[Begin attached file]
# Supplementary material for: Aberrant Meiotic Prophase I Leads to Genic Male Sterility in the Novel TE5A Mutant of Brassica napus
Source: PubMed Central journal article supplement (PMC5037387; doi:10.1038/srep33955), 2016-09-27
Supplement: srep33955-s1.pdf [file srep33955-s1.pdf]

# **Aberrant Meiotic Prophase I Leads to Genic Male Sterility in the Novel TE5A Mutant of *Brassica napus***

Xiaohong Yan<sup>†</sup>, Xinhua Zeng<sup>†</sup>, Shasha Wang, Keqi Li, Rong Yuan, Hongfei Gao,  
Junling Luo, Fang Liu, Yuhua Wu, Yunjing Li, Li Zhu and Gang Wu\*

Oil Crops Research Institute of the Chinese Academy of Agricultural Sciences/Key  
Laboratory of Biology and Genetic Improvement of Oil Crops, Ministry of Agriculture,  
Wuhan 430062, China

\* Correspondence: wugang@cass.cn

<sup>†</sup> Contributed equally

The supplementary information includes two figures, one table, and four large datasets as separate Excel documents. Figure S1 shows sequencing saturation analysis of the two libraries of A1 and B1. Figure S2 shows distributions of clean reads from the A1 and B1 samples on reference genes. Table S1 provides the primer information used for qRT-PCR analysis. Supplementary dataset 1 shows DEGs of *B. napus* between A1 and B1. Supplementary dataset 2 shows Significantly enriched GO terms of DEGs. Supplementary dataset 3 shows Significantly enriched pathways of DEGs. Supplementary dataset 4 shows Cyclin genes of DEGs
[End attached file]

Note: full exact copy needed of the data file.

# Supplementary material for: Aberrant Meiotic Prophase I Leads to Genic Male Sterility in the Novel TE5A Mutant of Brassica napus
Source: PubMed Central journal article supplement (PMC5037387; doi:10.1038/srep33955), 2016-09-27
Supplement: srep33955-s1.pdf [file srep33955-s1.pdf]

# **Aberrant Meiotic Prophase I Leads to Genic Male Sterility in the Novel TE5A Mutant of *Brassica napus***

Xiaohong Yan<sup>†</sup>, Xinhua Zeng<sup>†</sup>, Shasha Wang, Keqi Li, Rong Yuan, Hongfei Gao,  
Junling Luo, Fang Liu, Yuhua Wu, Yunjing Li, Li Zhu and Gang Wu\*

Oil Crops Research Institute of the Chinese Academy of Agricultural Sciences/Key  
Laboratory of Biology and Genetic Improvement of Oil Crops, Ministry of Agriculture,  
Wuhan 430062, China

\* Correspondence: wugang@cass.cn

<sup>†</sup> Contributed equally

The supplementary information includes two figures, one table, and four large datasets as separate Excel documents. Figure S1 shows sequencing saturation analysis of the two libraries of A1 and B1. Figure S2 shows distributions of clean reads from the A1 and B1 samples on reference genes. Table S1 provides the primer information used for qRT-PCR analysis. Supplementary dataset 1 shows DEGs of *B. napus* between A1 and B1. Supplementary dataset 2 shows Significantly enriched GO terms of DEGs. Supplementary dataset 3 shows Significantly enriched pathways of DEGs. Supplementary dataset 4 shows Cyclin genes of DEGs